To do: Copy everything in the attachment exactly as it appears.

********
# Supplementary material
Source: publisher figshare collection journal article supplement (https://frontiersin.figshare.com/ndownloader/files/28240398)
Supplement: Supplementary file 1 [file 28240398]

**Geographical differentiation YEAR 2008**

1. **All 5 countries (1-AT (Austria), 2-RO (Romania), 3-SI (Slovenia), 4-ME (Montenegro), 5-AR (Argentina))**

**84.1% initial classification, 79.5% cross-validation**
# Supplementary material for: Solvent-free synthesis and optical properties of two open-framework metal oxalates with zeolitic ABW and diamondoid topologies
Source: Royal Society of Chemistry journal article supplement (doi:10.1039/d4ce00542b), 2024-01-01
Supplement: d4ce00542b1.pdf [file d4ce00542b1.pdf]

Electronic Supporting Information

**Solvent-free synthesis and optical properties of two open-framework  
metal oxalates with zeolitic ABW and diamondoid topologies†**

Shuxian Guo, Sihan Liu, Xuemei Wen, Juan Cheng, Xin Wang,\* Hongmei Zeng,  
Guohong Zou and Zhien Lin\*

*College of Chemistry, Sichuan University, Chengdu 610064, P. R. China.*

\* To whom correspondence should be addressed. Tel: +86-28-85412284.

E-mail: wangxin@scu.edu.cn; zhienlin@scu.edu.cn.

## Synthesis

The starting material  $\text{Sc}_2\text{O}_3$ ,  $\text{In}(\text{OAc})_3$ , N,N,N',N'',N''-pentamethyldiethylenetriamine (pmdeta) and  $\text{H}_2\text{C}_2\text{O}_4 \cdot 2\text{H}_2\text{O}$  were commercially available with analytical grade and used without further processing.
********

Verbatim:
# Supplementary material
Source: publisher figshare collection journal article supplement (https://frontiersin.figshare.com/ndownloader/files/28240398)
Supplement: Supplementary file 1 [file 28240398]

**Geographical differentiation YEAR 2008**

1. **All 5 countries (1-AT (Austria), 2-RO (Romania), 3-SI (Slovenia), 4-ME (Montenegro), 5-AR (Argentina))**

**84.1% initial classification, 79.5% cross-validation**
# Supplementary material for: Solvent-free synthesis and optical properties of two open-framework metal oxalates with zeolitic ABW and diamondoid topologies
Source: Royal Society of Chemistry journal article supplement (doi:10.1039/d4ce00542b), 2024-01-01
Supplement: d4ce00542b1.pdf [file d4ce00542b1.pdf]

Electronic Supporting Information

**Solvent-free synthesis and optical properties of two open-framework  
metal oxalates with zeolitic ABW and diamondoid topologies†**

Shuxian Guo, Sihan Liu, Xuemei Wen, Juan Cheng, Xin Wang,\* Hongmei Zeng,  
Guohong Zou and Zhien Lin\*

*College of Chemistry, Sichuan University, Chengdu 610064, P. R. China.*

\* To whom correspondence should be addressed. Tel: +86-28-85412284.

E-mail: wangxin@scu.edu.cn; zhienlin@scu.edu.cn.

## Synthesis

The starting material  $\text{Sc}_2\text{O}_3$ ,  $\text{In}(\text{OAc})_3$ , N,N,N',N'',N''-pentamethyldiethylenetriamine (pmdeta) and  $\text{H}_2\text{C}_2\text{O}_4 \cdot 2\text{H}_2\text{O}$  were commercially available with analytical grade and used without further processing.